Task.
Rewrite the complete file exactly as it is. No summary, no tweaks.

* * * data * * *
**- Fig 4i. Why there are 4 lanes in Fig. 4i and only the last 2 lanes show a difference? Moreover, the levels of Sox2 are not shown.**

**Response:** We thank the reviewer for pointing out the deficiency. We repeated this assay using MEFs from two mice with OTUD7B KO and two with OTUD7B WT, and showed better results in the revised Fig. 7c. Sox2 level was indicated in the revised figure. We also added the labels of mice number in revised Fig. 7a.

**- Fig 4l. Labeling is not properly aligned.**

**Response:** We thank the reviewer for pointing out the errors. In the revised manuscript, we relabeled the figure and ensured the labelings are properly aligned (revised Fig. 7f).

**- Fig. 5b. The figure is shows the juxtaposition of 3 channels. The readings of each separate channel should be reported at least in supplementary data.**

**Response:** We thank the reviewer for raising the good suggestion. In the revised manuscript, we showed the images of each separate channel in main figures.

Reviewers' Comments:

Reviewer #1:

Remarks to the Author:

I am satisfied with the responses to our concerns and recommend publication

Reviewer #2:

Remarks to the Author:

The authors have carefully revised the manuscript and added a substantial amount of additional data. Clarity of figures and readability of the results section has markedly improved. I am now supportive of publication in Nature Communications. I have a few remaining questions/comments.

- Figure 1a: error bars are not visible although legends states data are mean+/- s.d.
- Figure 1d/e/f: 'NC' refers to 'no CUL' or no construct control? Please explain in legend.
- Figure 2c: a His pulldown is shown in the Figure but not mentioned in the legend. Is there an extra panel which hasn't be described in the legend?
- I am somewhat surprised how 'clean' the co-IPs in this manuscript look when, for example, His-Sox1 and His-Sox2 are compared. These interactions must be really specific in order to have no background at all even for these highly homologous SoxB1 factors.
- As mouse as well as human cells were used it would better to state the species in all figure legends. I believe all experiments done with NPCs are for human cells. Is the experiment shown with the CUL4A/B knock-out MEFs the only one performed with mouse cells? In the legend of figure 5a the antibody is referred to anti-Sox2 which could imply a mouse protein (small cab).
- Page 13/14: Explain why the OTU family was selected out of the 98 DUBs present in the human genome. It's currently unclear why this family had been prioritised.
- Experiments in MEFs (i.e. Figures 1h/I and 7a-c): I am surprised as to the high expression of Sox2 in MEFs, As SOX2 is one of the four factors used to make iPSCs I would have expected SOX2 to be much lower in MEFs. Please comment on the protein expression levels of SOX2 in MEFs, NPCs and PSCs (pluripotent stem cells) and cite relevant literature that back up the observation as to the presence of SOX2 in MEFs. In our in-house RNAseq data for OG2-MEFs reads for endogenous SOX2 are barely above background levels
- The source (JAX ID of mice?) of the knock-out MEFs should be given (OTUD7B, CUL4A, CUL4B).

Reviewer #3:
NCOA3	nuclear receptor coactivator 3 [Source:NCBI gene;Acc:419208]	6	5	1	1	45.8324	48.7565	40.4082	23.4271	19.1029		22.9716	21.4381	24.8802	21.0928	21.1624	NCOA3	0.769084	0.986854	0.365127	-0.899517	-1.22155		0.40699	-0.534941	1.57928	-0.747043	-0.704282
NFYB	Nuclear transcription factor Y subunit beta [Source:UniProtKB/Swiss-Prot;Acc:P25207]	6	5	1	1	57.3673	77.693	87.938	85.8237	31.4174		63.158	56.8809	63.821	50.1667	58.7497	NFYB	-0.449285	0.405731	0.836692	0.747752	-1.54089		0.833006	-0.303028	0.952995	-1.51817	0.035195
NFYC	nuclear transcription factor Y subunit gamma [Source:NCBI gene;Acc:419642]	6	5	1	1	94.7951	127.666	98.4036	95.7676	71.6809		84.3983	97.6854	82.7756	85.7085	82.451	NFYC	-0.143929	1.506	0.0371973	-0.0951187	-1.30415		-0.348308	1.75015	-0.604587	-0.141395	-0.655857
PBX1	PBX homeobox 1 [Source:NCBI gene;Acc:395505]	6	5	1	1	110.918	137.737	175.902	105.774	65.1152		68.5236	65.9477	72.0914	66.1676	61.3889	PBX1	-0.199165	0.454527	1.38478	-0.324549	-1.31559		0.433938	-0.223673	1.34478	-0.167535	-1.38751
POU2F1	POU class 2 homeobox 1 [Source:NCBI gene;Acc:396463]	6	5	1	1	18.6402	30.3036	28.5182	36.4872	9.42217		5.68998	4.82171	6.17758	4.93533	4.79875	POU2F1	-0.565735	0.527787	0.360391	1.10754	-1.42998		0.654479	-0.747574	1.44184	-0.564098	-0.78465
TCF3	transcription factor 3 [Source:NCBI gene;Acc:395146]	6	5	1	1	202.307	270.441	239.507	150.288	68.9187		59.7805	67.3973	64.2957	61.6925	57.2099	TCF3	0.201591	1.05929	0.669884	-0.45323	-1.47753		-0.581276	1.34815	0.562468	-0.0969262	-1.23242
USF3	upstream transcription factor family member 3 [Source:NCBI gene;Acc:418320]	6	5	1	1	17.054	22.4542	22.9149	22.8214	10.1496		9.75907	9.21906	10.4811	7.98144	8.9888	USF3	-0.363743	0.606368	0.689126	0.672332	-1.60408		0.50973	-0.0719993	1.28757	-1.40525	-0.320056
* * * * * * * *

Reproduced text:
**- Fig 4i. Why there are 4 lanes in Fig. 4i and only the last 2 lanes show a difference? Moreover, the levels of Sox2 are not shown.**

**Response:** We thank the reviewer for pointing out the deficiency. We repeated this assay using MEFs from two mice with OTUD7B KO and two with OTUD7B WT, and showed better results in the revised Fig. 7c. Sox2 level was indicated in the revised figure. We also added the labels of mice number in revised Fig. 7a.

**- Fig 4l. Labeling is not properly aligned.**

**Response:** We thank the reviewer for pointing out the errors. In the revised manuscript, we relabeled the figure and ensured the labelings are properly aligned (revised Fig. 7f).

**- Fig. 5b. The figure is shows the juxtaposition of 3 channels. The readings of each separate channel should be reported at least in supplementary data.**

**Response:** We thank the reviewer for raising the good suggestion. In the revised manuscript, we showed the images of each separate channel in main figures.

Reviewers' Comments:

Reviewer #1:

Remarks to the Author:

I am satisfied with the responses to our concerns and recommend publication

Reviewer #2:

Remarks to the Author:

The authors have carefully revised the manuscript and added a substantial amount of additional data. Clarity of figures and readability of the results section has markedly improved. I am now supportive of publication in Nature Communications. I have a few remaining questions/comments.

- Figure 1a: error bars are not visible although legends states data are mean+/- s.d.
- Figure 1d/e/f: 'NC' refers to 'no CUL' or no construct control? Please explain in legend.
- Figure 2c: a His pulldown is shown in the Figure but not mentioned in the legend. Is there an extra panel which hasn't be described in the legend?
- I am somewhat surprised how 'clean' the co-IPs in this manuscript look when, for example, His-Sox1 and His-Sox2 are compared. These interactions must be really specific in order to have no background at all even for these highly homologous SoxB1 factors.
- As mouse as well as human cells were used it would better to state the species in all figure legends. I believe all experiments done with NPCs are for human cells. Is the experiment shown with the CUL4A/B knock-out MEFs the only one performed with mouse cells? In the legend of figure 5a the antibody is referred to anti-Sox2 which could imply a mouse protein (small cab).
- Page 13/14: Explain why the OTU family was selected out of the 98 DUBs present in the human genome. It's currently unclear why this family had been prioritised.
- Experiments in MEFs (i.e. Figures 1h/I and 7a-c): I am surprised as to the high expression of Sox2 in MEFs, As SOX2 is one of the four factors used to make iPSCs I would have expected SOX2 to be much lower in MEFs. Please comment on the protein expression levels of SOX2 in MEFs, NPCs and PSCs (pluripotent stem cells) and cite relevant literature that back up the observation as to the presence of SOX2 in MEFs. In our in-house RNAseq data for OG2-MEFs reads for endogenous SOX2 are barely above background levels
- The source (JAX ID of mice?) of the knock-out MEFs should be given (OTUD7B, CUL4A, CUL4B).

Reviewer #3:
NCOA3	nuclear receptor coactivator 3 [Source:NCBI gene;Acc:419208]	6	5	1	1	45.8324	48.7565	40.4082	23.4271	19.1029		22.9716	21.4381	24.8802	21.0928	21.1624	NCOA3	0.769084	0.986854	0.365127	-0.899517	-1.22155		0.40699	-0.534941	1.57928	-0.747043	-0.704282
NFYB	Nuclear transcription factor Y subunit beta [Source:UniProtKB/Swiss-Prot;Acc:P25207]	6	5	1	1	57.3673	77.693	87.938	85.8237	31.4174		63.158	56.8809	63.821	50.1667	58.7497	NFYB	-0.449285	0.405731	0.836692	0.747752	-1.54089		0.833006	-0.303028	0.952995	-1.51817	0.035195
NFYC	nuclear transcription factor Y subunit gamma [Source:NCBI gene;Acc:419642]	6	5	1	1	94.7951	127.666	98.4036	95.7676	71.6809		84.3983	97.6854	82.7756	85.7085	82.451	NFYC	-0.143929	1.506	0.0371973	-0.0951187	-1.30415		-0.348308	1.75015	-0.604587	-0.141395	-0.655857
PBX1	PBX homeobox 1 [Source:NCBI gene;Acc:395505]	6	5	1	1	110.918	137.737	175.902	105.774	65.1152		68.5236	65.9477	72.0914	66.1676	61.3889	PBX1	-0.199165	0.454527	1.38478	-0.324549	-1.31559		0.433938	-0.223673	1.34478	-0.167535	-1.38751
POU2F1	POU class 2 homeobox 1 [Source:NCBI gene;Acc:396463]	6	5	1	1	18.6402	30.3036	28.5182	36.4872	9.42217		5.68998	4.82171	6.17758	4.93533	4.79875	POU2F1	-0.565735	0.527787	0.360391	1.10754	-1.42998		0.654479	-0.747574	1.44184	-0.564098	-0.78465
TCF3	transcription factor 3 [Source:NCBI gene;Acc:395146]	6	5	1	1	202.307	270.441	239.507	150.288	68.9187		59.7805	67.3973	64.2957	61.6925	57.2099	TCF3	0.201591	1.05929	0.669884	-0.45323	-1.47753		-0.581276	1.34815	0.562468	-0.0969262	-1.23242
USF3	upstream transcription factor family member 3 [Source:NCBI gene;Acc:418320]	6	5	1	1	17.054	22.4542	22.9149	22.8214	10.1496		9.75907	9.21906	10.4811	7.98144	8.9888	USF3	-0.363743	0.606368	0.689126	0.672332	-1.60408		0.50973	-0.0719993	1.28757	-1.40525	-0.320056